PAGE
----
WASHINGTON — Something needs to be done about the “higher education cartel.” At least, that’s what Sen. Marco Rubio says.
There are massive problems surrounding higher education in America, but there are many sensible conservative solutions, he said in a speech Wednesday co-hosted by Hillsdale College and YG network. The Florida senator laid out a three-fold reform plan, including changing the accreditation process, implementing income pace repayment and creating student investment plans– an alternative to student loans.
“We also see the erosion of the American dream in the lives of many young Americans including many recent college graduates,” Rubio said. “Their generation is coming of age in an era of over expectations where too often caps and gowns come — not just with hope and excitement — but also with dread and apprehension. Many did everything they were told was necessary to succeed. But now they sit in their childhood bedrooms, under the weight of thousands in student loans unable to start a career or a family.”
The first conservative solution to what Rubio calls the “higher education cartel” is an independent accrediting process. By taking accreditation out of the hands of centralized authorities, the cost of education would substantially decrease.
“I have proposed that Congress establish a new independent accrediting process designed to open the door for more innovative and affordable schools,” Rubio said. “And I proposed ways to help Christine package the free tools all around her and to an employable degree. Tools such as online resources, apprenticeships, mentorships and personal study.”
Rubio used real-life examples to demonstrate the need for crucial changes in higher education. He talked about Christine, a single mother who has been simultaneously working a full-time job and trying to get an education. Rubio said many Americans are in this predicament, and the current system is failing them.
“The online courses that Christine was taking, by the way, are actually more expensive than the cost of physically attending your local community college,” Rubio said. “Even if she received financial help, she couldn’t find an option that allowed her enough flexibility to work full-time and raise her family. And the reason for all of this is an outdated process called accreditation. A school must be accredited to award degrees that provide financial aid. But here’s the catch. Established institutions control the crediting process and as a result, the entrenched higher education cartel has the power to block out innovative, lower cost competitors.”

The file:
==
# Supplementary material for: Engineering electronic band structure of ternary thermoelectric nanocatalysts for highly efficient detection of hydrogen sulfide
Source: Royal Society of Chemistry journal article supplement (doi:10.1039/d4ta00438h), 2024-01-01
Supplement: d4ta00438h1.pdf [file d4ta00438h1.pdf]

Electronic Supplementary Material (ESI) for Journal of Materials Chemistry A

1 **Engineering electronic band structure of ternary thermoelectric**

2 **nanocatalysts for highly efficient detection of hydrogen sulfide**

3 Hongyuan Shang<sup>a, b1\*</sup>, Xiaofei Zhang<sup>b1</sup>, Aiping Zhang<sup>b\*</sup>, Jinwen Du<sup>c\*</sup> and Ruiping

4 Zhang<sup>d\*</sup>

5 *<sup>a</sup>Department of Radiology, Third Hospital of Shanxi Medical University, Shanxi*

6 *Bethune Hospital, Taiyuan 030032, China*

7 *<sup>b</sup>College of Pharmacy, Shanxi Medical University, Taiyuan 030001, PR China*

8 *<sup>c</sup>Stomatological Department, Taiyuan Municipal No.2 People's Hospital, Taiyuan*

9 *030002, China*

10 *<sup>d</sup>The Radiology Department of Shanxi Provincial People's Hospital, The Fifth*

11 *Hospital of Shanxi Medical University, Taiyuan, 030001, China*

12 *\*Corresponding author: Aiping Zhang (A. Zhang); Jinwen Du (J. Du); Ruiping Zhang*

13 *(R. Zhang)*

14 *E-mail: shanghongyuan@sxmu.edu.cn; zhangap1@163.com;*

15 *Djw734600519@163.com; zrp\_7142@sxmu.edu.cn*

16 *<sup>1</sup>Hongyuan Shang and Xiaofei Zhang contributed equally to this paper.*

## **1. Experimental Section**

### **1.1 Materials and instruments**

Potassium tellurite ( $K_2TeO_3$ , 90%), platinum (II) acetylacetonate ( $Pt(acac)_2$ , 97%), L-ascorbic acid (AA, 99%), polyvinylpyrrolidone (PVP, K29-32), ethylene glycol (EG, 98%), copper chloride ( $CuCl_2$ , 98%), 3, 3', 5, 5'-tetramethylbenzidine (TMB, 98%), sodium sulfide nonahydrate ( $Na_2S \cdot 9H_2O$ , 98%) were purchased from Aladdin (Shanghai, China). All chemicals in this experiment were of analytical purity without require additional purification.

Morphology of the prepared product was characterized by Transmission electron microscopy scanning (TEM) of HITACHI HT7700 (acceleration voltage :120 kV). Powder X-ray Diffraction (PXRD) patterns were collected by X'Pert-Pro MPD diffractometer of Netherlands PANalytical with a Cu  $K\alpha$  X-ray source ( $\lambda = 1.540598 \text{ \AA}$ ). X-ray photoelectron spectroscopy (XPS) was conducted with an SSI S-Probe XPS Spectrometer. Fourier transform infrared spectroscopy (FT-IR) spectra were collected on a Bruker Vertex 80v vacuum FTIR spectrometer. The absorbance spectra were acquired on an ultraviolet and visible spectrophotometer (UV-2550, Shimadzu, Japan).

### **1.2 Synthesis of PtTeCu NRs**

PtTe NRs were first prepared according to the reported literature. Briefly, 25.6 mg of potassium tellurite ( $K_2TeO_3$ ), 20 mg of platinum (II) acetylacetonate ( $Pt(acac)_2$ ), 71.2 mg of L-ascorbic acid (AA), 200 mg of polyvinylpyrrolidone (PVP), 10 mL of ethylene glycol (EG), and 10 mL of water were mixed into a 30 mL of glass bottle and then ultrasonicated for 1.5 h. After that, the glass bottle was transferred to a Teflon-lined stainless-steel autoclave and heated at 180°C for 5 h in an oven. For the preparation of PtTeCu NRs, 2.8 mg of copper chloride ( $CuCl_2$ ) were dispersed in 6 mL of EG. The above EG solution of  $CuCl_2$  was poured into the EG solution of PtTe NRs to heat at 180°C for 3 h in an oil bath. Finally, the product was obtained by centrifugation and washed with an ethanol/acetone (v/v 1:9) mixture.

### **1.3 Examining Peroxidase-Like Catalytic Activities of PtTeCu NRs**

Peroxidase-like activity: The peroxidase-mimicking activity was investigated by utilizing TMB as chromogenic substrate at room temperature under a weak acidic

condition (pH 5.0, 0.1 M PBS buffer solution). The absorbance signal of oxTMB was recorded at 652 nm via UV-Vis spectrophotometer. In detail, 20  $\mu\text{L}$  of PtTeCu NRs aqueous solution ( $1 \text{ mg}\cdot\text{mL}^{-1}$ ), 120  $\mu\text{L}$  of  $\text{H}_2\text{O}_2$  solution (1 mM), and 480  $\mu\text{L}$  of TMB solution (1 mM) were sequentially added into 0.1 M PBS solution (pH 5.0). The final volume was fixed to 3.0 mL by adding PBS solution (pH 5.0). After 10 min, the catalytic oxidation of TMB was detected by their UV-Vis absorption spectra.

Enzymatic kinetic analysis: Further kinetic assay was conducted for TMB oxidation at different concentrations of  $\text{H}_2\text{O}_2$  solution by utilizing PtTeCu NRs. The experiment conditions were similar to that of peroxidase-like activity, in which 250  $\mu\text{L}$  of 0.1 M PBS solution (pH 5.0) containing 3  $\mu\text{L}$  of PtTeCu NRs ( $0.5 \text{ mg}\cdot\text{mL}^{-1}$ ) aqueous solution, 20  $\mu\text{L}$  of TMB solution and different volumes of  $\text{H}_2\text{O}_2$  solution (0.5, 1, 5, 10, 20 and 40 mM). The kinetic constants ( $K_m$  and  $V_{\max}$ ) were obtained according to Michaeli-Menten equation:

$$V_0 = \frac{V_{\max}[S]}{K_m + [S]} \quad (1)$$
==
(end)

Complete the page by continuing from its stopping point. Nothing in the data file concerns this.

Because the first educational reform won’t directly affect students who have already earned a degree, the student loan bubble needs to be addressed in a realistic way as well.
“Second, I proposed an income pace repayment,” Rubio said. “The automatic repayment method for student loans. This way, Evan’s loan payments would be directly correlated to how much he earns each month, removing the risk of default.”
“The third, I have proposed an alternative to student loans called student investment plans,” Rubio continued. “Students would be able to enter into an agreement with a private firm in which the firm pays for the student’s education in a return for a percentage of their salary for a set number of years after graduation. Modern reforms that lead to economic growth and increase education options would benefit all Americans.”
While conservatives have many ideas to spur economic growth, Rubio says that tax and regulatory reforms will only assist struggling graduates to a certain extent.
“But creating jobs alone is not going to be enough,” Rubio said. “Young Americans still need to be able to acquire skills without also acquiring a lifetime of student loan debt. … Now as I mentioned before, the first step to making college more affordable is allowing more innovation and competition in higher education. So you don’t have to borrow that much to begin with. But we also need to think of easier ways to pay for it and to plan for it — the cost of the degree.”
In addition, some students are graduating with degrees with limited job markets — like Greek philosophy, for example — and wondering why they cannot get a job. Because of this problem, Rubio says schools should be required to show students the average salary of graduates who obtained the same degree the student is pursuing.
“I filed bipartisan legislation with Sen. Ron Wyden that would require schools to tell students how much their graduates earn with their chosen degree,” Rubio said.
Rubio says the current system of higher education is simply outdated. Students are burdened with thousands of dollars of student loans, but the federal government continues to fund this system, and it will inevitably break.
“Instead of taking steps to make higher education more available and more affordable, we pour resources into a system that is expensive, inaccessible, and quite frankly is graduating way to many people with unemployable degrees,” Rubio said.
“The big-government solution for the cost of higher education is to slightly lower the monthly payment on existing student loans,” Rubio continued. “But instead of short-term units like this, a better approach would be to implement the reforms I outlined earlier this year that would both lower cost and encourage the creation of more affordable and accessible routes to higher education and to a degree.”